RIO DE JANEIRO — Chilean Cristian Jimenez’s “Voice Over,” Argentine Daniel Burman’s “The Mystery of Happiness” and Colombian Franco Lolli’s Gente de Bien” feature in this year’s Rio fest Premiere Latina.
Packed with fest faves, prize winners, plus some box office hits, Latin Premiere not only showcases many 2014 Latin American highlights but also implicitly the trends driving filmmaking over the region.
Playing in international premiere at last week’s San Sebastian Festival, and set in the small town of Valdivia, southern Chile – “Voice Over” reps a large step-up for Jimenez, bristling with characters and side-stories while portraying a family and its myriad multifarious members.
Likewise, after 2009 family saga “Huacho” and 2011’s countryside-set drama “By the Fire,” Alejandro Fernandez Almendras adds genre gristle to the mix in “To Kill a Man,” a probing revenge drama thriller that questions the victim’s real motives for pay-back.
To aid films to attain a large enough scale to stand out in an
ever-more crowded art-house sector, producers are turning to international co-production. Partners now come not just from Europe but increasingly North America and the rest of Latin America.
A pioneering U.S.-Colombia production exec-produced by Spike Lee, produced by Elena Greenlee and Marcia Nunes, Mirlanda Torres Zapata and Carolina Caicedo, and drawing both coin and inspiration from Latin America, Jakob Kubota Wladyka’s thriller “Manos Sucias” won Best New Narrative Director Award at Tribeca and placed second in the Heineken Audience Award. Among Latin America finance: Cine Colombia and Caracol TV.
Burman’s “The Mystery of Happiness” is co-produced by Burman and Diego Dubcovsky’s BD Cine in Buenos Aires and Walkiria Barbosa’s Total Filmes in Rio. For ”Voice Over,” Chile’s Jirafa Films enrolled not only Paris’ Rouge Intl, but 1976 Productions in Canada.
On the M-Appeal-sold “Holiday,” Diego Araujo’s gay coming-of-age tale set in Ecuador in 1999, Ecuador’s Luna Films and Abaca Films is joined by Andres Longares’ Buenos Aires-based Cepa Audiovisual – whose recent credits include Ricardo Darin and Belen Rueda starrer “The 7th Floor,” a kidnap thriller also at Latin Premiere.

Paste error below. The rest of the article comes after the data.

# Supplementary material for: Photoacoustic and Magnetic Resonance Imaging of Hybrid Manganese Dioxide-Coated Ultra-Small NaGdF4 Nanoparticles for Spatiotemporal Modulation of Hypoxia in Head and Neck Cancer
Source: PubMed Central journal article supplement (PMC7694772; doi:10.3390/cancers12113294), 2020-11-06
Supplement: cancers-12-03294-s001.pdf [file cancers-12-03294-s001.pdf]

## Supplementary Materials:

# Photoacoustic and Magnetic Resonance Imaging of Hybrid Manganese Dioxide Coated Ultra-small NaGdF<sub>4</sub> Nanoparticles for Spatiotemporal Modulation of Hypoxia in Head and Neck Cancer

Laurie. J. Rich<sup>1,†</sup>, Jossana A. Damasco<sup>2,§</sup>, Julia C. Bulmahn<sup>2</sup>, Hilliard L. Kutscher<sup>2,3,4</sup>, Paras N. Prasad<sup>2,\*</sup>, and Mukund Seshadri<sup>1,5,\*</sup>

In its distaff directors Celina Murga and Anahi Berneri, Latin Premiere makes a nod to the now remarkable presence of femme helmers in Argentina via two films with excellent pedigri and “A” Grade Fest competition berths: Helmed by Berneri (“Encarnacion”) and world premiering at San Sebastian, ”Open Air” portrays a couple’s gradual, almost unknowing separation.
Exec-produced by Martin Scorsese and an Argentine-Germany-Netherlands co-production, Murga’s “The Third Side of the River“ drew down coin from the Entre Rios province, as regional film funding builds in Latin America, allowing Murga and producer Juan Villegas to make a film in Entre Rios at a larger scale than her debut, “Ana and the Others” – yet another step up from an Latin American established helmer.
Femme directors are breaking through in Latin America because entry to film schools, which are fuelling the new Argentine Cinema, is as open to women as men, Murga tpld Variety at Rio.
All over Latin America, proliferating film schools, economic access to high-tech equipment and hiked government funding is bringing on a new generation of filmmakers. At Premiere Latina, eight of the 18 films are fiction feature debuts. To name just a few: Benjamin Nashtat’s “History of Fear,” Colombian Franco Lolli’s “Gente de bien,” about inimical class divides in Colombia; Hernan Rosselli’s “Mauro” and Juan Martin Hsu’s “La Salada,” both from Argentina.
Some Premiere Latina titles slip any category: Martin Rejtman’s “Two Gun Shots,” a profoundly realistic take on narrative; Oscar Ruiz Navia’s “Los hongos,” midway between arthouse and experiment.
But if Latin American filmmakers face one challenge it’s how to mesh character-driven stories with the social issues that still concern them.
In Premiere Brasil’s “Casa Grande,” said helmer Fellipe Barbosa, “My main intention was to tell a great story, focusing on characters and their relationships, set in a very specific and authentic universe.”
That specific universe is marked by “changing class relations in Brazil over the last 20 years, as workers, including domestics have finally gained labor rights.
“There is a trend now that we are able to look backwards and see how Brazil has been built for good and for bad over the last forty-to- fifty years,” Rio Fest co-director Ilda Santiago.
She added: “That’s what we actually want because the country is changing very fast, has been changing very fast over the last years.”